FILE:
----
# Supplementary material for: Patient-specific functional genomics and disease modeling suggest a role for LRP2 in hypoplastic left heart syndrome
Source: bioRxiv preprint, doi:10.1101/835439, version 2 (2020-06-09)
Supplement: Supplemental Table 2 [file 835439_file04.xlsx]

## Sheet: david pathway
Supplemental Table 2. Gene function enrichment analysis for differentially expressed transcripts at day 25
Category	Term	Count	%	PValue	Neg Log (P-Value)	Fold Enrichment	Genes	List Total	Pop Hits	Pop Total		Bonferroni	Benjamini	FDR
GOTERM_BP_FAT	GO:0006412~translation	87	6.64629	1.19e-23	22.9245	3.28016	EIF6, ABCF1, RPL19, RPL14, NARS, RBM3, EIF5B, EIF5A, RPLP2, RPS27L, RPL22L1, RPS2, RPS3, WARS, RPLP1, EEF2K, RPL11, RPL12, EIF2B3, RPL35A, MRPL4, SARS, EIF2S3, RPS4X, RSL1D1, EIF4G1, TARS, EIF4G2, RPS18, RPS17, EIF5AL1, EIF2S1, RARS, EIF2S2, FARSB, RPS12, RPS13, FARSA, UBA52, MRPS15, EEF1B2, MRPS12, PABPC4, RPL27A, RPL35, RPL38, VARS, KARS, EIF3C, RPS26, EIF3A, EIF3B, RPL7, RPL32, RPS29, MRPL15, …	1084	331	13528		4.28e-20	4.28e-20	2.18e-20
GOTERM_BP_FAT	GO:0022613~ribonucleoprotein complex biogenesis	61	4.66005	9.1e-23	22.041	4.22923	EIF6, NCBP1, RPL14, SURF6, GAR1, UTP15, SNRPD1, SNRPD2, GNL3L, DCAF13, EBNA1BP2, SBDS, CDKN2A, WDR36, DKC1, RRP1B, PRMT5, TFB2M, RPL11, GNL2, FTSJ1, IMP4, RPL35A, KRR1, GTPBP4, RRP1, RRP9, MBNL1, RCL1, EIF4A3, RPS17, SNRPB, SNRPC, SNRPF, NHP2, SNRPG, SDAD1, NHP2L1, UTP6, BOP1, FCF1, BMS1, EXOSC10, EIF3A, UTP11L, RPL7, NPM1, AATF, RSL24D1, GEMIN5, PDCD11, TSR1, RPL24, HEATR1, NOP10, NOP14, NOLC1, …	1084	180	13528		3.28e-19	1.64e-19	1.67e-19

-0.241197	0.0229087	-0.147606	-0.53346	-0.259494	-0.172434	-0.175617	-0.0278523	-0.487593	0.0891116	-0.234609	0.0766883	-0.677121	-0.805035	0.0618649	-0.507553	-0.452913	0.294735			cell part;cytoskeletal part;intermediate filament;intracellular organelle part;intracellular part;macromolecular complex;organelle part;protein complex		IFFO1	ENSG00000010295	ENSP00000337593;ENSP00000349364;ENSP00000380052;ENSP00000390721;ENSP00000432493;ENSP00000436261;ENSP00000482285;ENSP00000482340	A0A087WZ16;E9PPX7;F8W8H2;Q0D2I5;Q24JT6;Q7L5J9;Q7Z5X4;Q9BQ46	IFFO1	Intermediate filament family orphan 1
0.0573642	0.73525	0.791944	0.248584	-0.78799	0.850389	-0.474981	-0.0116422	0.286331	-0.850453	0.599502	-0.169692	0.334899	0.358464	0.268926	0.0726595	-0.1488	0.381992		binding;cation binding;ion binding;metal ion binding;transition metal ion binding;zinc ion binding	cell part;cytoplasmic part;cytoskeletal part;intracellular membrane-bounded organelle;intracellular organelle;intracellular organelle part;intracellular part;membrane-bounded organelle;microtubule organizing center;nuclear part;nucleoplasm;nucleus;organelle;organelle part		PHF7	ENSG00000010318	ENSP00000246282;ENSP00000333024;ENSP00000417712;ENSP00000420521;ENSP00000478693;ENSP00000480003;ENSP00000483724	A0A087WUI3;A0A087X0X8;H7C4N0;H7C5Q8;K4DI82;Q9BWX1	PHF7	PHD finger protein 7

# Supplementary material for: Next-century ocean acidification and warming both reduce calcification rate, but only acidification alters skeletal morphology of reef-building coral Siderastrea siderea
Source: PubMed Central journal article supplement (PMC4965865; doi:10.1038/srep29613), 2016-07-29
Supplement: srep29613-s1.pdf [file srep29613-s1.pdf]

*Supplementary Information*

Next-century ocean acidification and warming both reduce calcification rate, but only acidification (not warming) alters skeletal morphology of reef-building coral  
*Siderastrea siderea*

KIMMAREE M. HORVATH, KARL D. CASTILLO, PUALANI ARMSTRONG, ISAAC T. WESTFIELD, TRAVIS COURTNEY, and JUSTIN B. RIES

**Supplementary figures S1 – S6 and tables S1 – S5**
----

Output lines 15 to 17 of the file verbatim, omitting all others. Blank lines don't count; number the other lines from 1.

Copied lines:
Next-century ocean acidification and warming both reduce calcification rate, but only acidification (not warming) alters skeletal morphology of reef-building coral  
*Siderastrea siderea*

KIMMAREE M. HORVATH, KARL D. CASTILLO, PUALANI ARMSTRONG, ISAAC T. WESTFIELD, TRAVIS COURTNEY, and JUSTIN B. RIES